In 1947, Philip Marlowe returned to the screen in still another incarnation with Robert Montgomery’s adaptation of Chandler’s 1943 novel The Lady in the Lake. Though a generally undistinguished adaptation, this film is notable for being shot from the point of view of Marlowe, thus mimicking Chandler’s habitual first-person style of narration. Thus, except for an occasional insert in which Montgomery addresses the audience directly, Marlowe is never seen on screen, except when he is front of a mirror and can thus see himself. This technique makes The Lady in the Lake stand out, though in another way it is simply a specific example of a characteristic it shares with so many noir films—the tendency to put a great deal of emphasis on style.

Robert Aldrich’s Kiss Me Deadly (1955), vaguely based on Mickey Spillane’s 1952 detective novel Kiss Me, Deadly, updates the noir detective film to include Mike Hammer, the misogynistic, commie-hating protagonist who made Spillane a huge commercial success in the 1950s. Aldrich’s film, however, adds a significant amount of Cold War anxiety to Spillane’s novel, which had been about organized crime, by converting it into an espionage narrative centering on the threat of nuclear catastrophe. At the same time, the film presents Hammer (played by Ralph Meeker) in an extremely unflattering light that emphasizes his violence and brutality. Then the whole thing ends with a bang.

Finally, just to emphasize the versatility of noir detective stories, one might also take note of Fritz Lang’s While the City Sleeps (1956). This film is rather late in the noir cycle, standing apart from high noir in the refinement of its visual style, which lacks the harshness and starkness of so many noirs, while still showing occasional signs of Lang’s Expressionist roots. It is also an unusual noir in that it employs comedy extensively—and even has a comic ending. Otherwise, the film displays a number of crucial noir characteristics, including the dark nature of the troubled serial killer whose murderous attacks on women, motivated by his own gender insecurity, underlie the entire plot. However, the killer (dubbed the “Lipstick Killer” in the media and played by John Drew Barrymore) actually has relatively little screen time, most of which is taken up by said media. In particular, having just inherited his father’s media empire but having no desire to run it, wastrel Walter Kyne (Vincent Price) decides to amuse himself by having the heads of his company’s three major departments compete to see who can identify the killer before the police, the winner to take over the leadership of the company. This contest initiates a competitive scramble in which all involved acquit themselves rather badly—making the key noir point that these respectable media executives are not that morally superior to the serial killer they are chasing. At least he has the excuse of being mentally ill, while they mostly seem to be just ruthless and ambitious.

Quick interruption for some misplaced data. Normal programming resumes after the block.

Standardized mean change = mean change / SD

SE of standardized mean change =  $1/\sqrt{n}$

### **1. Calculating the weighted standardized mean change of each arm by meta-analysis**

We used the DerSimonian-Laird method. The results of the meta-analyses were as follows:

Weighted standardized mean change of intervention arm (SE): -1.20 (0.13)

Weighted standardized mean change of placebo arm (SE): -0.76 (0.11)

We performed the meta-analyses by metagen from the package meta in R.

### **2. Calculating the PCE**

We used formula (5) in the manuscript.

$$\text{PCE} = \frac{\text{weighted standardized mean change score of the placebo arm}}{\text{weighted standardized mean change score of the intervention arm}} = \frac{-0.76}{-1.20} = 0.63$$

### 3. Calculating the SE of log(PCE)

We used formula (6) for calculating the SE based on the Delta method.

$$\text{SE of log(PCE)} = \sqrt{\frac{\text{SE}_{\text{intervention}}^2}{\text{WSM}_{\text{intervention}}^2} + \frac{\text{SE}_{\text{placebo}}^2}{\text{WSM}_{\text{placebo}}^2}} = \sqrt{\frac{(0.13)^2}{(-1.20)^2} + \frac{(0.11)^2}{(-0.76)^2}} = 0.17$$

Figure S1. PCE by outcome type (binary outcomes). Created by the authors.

In what is perhaps the film’s most interesting (but unsettling) motif, writer and telejournalist Edward Mobley (Dana Andrews), who is the closest thing this ensemble film has to a central figure, also seems at many points to be its most despicable figure. For one thing, though newly engaged to sweet young secretary Nancy Liggett (Sally Forrest)—the film’s most morally “pure” character—Mobley doesn’t hesitate to dally with tough woman reporter Mildred Donner (Ida Lupino), who serves as the film’s “dark” woman character in opposition to Liggett. Even worse, Mobley is perfectly happy to dangle Liggett as possible bait for the Lipstick Killer, just as Donner’s boyfriend, one of the executives, sets her on Mobley to try to get information that will help him in the contest.

Newspaper editor Jon Day Griffith (Thomas Mitchell), ultimately wins the race to the top of the company, which has to be counted as happy conclusion, given that the seems less reprehensible than his rivals. Meanwhile, somewhat to his own consternation, Mobley is tabbed to succeed Griffith as editor of the company’s flagship newspaper. More importantly, he secures the position of husband to Liggett, who, somewhat bizarrely, is still willing to marry him despite his callous behavior throughout the film. Viewers are left to ponder whether this conclusion is really a happy one: is Liggett just an extremely loyal woman who can see through Mobley’s flawed exterior to see a better man underneath, or is she simply suffering from some sort of delusional codependency that will ultimately lead to her doom? Meanwhile, the depiction of the corruption and ruthlessness of the Kyne media empire (while having much in common with near-contemporary films such as A Face in the Crowd or Sweet Smell of Success, both of which were released in 1957) is somewhat ahead of its time in anticipating the fallen condition of the mediascape of America in the early twenty-first century. As Dickos notes, “It is this compromised moral condition of urban institutions and their machinery, which Lang recognized in While the City Sleeps and saw ever so clearly in The Big Heat, that gives further definition to his noir vision (25).